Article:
As he has done every year since he was a boy, Chief Roger Kaye of the Old Crow Indian band spent part of this spring tracking caribou along the banks of the Porcupine River. Like most of the 300 residents of Old Crow, an Arctic village in the northwestern Yukon, Kaye says that he looks forward to the annual spring and fall hunts as the caribou pass nearby on their way to and from calving grounds in the U.S. Arctic National Wildlife Refuge along the northern coast of neighboring Alaska. The hunts provide meat on which most Old Crow families—and 7,000 other native people along the Canadian and U.S. Arctic coast—depend for sustenance throughout the year.
“It’s always one of the happiest times when the first caribou come,” Kaye said in an interview. But the tiny community’s joy at this spring’s hunt was clouded by anxiety over a debate in Washington.
There, legislators are considering whether to permit oiland-gas drilling in the Alaskan refuge—a move that northern natives, environmentalists and the Canadian government say could devastate the 180,000-animal Porcupine caribou herd. Said Kaye: “The U.S. Congress is making decisions about our livelihood—and it’s scary.” Developments on Capitol Hill last week ap-
peared to lend substance to Kaye’s concerns. After a month of debate, the Senate energy committee approved a new National Energy Security Act that, for the first time, would allow oü-and-gas leasing in the 19-million-acre Alaskan refuge. The bill, which must still pass the full Senate and the House of Representatives, represents the latest twist in a fierce five-year battle that has pitted environmentalists on both sides of the border against the oil lobby and the Alaskan government, which favors exploiting what it claims is North America’s largest untapped oil reserve. In recent months, however, the advocates of development, who include President George Bush, have enlisted a potent new argument by linking Arctic drilling to American concern over energy supplies in the wake of the Gulf War. Said energy committee chairman Bennett Johnston, a Louisiana Democrat and a cosponsor of the bill: “I do not see how we can send troops to fight in the Persian Gulf but not explore the most promising prospect for domestic oil.” Conservation, not energy security, was the prime motivation for creation of the Arctic refuge in 1960 and for the decision by Congress to double its size 20 years later. Still, shortly after the 1980 expansion, Congress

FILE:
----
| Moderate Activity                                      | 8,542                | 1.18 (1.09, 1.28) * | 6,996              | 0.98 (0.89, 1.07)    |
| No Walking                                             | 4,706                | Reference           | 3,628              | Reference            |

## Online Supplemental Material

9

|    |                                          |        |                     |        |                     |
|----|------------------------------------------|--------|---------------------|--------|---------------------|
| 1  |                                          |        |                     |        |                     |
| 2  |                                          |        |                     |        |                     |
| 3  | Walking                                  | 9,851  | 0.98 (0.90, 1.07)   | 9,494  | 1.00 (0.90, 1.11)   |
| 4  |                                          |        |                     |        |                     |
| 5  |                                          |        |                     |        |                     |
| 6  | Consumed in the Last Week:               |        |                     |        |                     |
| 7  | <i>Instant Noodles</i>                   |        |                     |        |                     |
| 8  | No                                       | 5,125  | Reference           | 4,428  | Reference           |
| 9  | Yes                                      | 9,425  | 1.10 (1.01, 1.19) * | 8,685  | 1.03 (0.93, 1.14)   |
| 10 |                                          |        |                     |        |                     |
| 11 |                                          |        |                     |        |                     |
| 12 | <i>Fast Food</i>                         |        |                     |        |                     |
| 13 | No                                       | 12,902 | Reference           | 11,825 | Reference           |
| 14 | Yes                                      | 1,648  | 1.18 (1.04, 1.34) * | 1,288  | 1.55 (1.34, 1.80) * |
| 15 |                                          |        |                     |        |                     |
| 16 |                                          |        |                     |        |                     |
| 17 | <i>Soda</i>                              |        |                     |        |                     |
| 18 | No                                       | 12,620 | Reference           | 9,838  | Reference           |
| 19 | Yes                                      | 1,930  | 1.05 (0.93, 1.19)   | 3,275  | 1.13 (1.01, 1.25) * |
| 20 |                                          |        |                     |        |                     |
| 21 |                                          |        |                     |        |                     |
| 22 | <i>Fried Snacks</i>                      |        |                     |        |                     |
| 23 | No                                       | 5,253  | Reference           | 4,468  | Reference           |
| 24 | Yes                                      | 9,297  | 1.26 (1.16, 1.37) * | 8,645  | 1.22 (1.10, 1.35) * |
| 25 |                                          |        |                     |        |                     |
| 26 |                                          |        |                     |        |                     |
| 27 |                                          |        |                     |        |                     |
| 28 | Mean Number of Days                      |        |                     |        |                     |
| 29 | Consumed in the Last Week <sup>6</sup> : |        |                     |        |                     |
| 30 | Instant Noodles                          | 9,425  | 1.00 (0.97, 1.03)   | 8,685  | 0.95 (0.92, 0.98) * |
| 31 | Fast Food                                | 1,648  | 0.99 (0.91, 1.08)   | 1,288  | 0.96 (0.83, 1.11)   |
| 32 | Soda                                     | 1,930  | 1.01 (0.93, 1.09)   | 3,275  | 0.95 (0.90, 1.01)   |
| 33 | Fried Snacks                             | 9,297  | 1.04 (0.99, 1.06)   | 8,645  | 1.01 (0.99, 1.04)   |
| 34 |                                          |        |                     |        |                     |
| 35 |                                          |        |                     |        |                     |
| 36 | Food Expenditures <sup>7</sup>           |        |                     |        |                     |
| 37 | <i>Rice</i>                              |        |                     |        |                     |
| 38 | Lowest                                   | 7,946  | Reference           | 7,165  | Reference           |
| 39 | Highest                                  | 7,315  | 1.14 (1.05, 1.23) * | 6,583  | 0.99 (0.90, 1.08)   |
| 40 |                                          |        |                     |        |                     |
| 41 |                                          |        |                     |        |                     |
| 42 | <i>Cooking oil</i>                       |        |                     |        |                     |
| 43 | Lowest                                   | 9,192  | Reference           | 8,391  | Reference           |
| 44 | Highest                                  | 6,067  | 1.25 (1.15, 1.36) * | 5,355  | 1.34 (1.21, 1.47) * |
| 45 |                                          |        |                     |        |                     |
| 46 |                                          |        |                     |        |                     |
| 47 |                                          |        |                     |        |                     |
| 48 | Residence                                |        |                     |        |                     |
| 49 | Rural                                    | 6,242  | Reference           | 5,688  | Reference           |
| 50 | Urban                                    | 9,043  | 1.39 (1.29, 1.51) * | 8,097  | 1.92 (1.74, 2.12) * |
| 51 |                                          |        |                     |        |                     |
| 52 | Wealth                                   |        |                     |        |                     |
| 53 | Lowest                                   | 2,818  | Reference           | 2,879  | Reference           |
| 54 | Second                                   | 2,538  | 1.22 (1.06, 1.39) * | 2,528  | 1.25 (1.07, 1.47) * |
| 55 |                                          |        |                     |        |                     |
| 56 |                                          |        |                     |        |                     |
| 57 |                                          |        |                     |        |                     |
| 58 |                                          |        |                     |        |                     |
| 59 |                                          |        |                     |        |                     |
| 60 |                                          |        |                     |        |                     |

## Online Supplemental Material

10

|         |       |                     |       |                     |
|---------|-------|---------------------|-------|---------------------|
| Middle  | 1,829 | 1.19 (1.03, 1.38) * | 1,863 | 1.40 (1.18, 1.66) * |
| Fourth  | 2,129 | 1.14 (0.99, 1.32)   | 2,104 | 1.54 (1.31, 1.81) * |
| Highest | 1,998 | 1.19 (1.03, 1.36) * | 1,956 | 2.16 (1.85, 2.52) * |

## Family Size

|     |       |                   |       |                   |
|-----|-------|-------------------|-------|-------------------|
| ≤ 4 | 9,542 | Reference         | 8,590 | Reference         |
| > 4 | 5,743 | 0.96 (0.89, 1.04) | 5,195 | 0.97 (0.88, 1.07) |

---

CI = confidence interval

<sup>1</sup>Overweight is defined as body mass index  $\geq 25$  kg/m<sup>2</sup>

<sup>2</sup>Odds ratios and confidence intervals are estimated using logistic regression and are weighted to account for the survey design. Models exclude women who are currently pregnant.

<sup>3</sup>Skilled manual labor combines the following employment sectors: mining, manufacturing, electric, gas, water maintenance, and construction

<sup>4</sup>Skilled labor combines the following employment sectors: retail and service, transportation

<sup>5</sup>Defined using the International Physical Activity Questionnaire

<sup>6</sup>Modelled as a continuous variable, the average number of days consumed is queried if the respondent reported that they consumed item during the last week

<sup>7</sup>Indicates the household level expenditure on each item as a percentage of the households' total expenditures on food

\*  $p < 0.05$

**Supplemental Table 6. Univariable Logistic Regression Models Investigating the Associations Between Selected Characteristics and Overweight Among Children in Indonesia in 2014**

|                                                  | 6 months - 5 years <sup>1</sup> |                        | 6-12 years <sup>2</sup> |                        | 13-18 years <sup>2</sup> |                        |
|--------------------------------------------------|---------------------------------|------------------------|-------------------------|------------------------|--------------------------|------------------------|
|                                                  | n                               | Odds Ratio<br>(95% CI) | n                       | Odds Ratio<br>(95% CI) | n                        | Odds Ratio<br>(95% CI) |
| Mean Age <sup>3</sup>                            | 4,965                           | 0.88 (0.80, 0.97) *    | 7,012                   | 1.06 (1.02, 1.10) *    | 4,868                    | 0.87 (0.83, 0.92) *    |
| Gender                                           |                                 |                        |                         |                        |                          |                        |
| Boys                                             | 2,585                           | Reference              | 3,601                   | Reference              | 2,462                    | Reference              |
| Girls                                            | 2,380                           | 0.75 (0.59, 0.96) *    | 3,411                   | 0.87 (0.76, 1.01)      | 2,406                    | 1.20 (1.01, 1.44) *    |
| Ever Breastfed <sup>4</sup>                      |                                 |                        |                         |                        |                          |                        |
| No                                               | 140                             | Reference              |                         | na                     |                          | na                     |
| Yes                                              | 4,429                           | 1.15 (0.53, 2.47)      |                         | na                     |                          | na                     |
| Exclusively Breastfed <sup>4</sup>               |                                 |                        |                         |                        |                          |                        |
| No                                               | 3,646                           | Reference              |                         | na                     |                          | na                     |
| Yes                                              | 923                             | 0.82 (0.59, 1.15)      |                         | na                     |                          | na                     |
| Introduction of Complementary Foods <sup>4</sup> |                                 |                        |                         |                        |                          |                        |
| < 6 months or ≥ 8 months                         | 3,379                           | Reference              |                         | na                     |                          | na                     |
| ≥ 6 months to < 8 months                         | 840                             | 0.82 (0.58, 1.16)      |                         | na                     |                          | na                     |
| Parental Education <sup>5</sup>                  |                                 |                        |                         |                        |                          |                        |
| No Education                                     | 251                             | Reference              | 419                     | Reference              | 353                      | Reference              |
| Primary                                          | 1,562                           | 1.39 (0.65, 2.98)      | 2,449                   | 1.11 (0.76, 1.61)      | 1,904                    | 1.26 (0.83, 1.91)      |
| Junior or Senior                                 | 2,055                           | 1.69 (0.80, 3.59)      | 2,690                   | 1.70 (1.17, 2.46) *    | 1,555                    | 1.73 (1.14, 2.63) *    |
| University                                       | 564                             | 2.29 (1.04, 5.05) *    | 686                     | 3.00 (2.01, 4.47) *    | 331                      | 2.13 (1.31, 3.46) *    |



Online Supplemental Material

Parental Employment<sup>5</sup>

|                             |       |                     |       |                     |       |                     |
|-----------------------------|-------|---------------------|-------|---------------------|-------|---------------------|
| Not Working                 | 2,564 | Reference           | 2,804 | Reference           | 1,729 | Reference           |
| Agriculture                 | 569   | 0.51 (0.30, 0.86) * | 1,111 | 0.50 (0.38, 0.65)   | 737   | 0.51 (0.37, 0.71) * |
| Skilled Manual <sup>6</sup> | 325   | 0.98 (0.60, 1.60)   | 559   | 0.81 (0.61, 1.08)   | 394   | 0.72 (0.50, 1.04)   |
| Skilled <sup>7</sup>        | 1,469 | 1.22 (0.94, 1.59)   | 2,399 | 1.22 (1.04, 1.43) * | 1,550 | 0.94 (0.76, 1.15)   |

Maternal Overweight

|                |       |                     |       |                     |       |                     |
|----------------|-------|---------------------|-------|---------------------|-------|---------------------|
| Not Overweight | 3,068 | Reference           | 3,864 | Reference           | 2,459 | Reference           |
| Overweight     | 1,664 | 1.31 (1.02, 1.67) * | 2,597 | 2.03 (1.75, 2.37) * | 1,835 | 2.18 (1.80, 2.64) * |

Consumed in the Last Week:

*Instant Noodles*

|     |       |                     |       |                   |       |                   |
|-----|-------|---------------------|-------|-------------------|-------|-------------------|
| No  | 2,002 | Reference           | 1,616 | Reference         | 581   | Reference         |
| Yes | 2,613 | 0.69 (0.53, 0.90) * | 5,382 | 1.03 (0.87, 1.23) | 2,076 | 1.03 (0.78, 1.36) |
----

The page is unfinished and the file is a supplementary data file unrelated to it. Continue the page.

ordered the U.S. department of the interior to assess the potential oil wealth of a 1.5-million-acre strip of the refuge along the Beaufort Sea. In 1986, the department reported that the area could contain as much oil as Alaska’s Prudhoe Bay oilfield, 60 miles to the west, which accounts for almost one-quarter of U.S. domestic oil production. The department urged Congress to allow drilling on the coastal strip—even though it acknowledged that the resulting disruption of caribou calving grounds would likely reduce the Porcupine herd by up to 40 per cent.
Those findings set off a flurry of competing proposals either to allow drilling or to declare the area a wilder^ ness site in perpetuity. To register 9 Canadian opposition to development, S federal officials arranged for both na| tive hunters and representatives of 5 the Yukon and Northwest Territories “ governments to visit Washington. Pointing out that Canada had set aside 3 million acres of adjoining territory in the northern Yukon as a wilderness preserve in 1984, the northerners accused the United States of breaching commitments to protect the region’s migratory wildlife. Citing estimates that the refuge may contain only enough recoverable oil to supply U.S. needs for six months, Yukon government leader Tony Penikett, for one, declared: “It’s a choice between a few weeks of energy supply for U.S. consumers and a native livelihood that goes back thousands of years.” The Canadians found ready allies among U.S. environmentalists. They stressed that as well as providing breeding grounds for caribou, the refuge is home to rare musk-oxen, polar and grizzly bears, snow geese and tundra swans. Said Michael Matz, chairman of the Alaska Coalition, which represents 75 environmental groups: “It’s a unique habitat.”
But proponents argue that caribou can coexist with oil development. They point to the much smaller Central Arctic herd, which ranges near the Prudhoe Bay oilfields, and which has tripled in size since that field was developed in the early 1970s. Said Alaska senator and energy committee member Frank Murkowski: “We don’t have to choose between Arctic oil development and environmental protection.”
For his part, environmentalist Matz remains “cautiously optimistic” that the proposal to drill in the Arctic refuge will not survive a full vote of the Senate, expected by the fall. That would be welcome news to Chief Kaye. “If anything happened to the caribou,” he told Maclean ’s, “it would be a disaster to the people of Old Crow.” But with Washington’s most powerful figures insisting that the United States must increase domestic oil production, those voices are likely to be heard more loudly on Capitol Hill than are the concerns of a tiny Canadian village.
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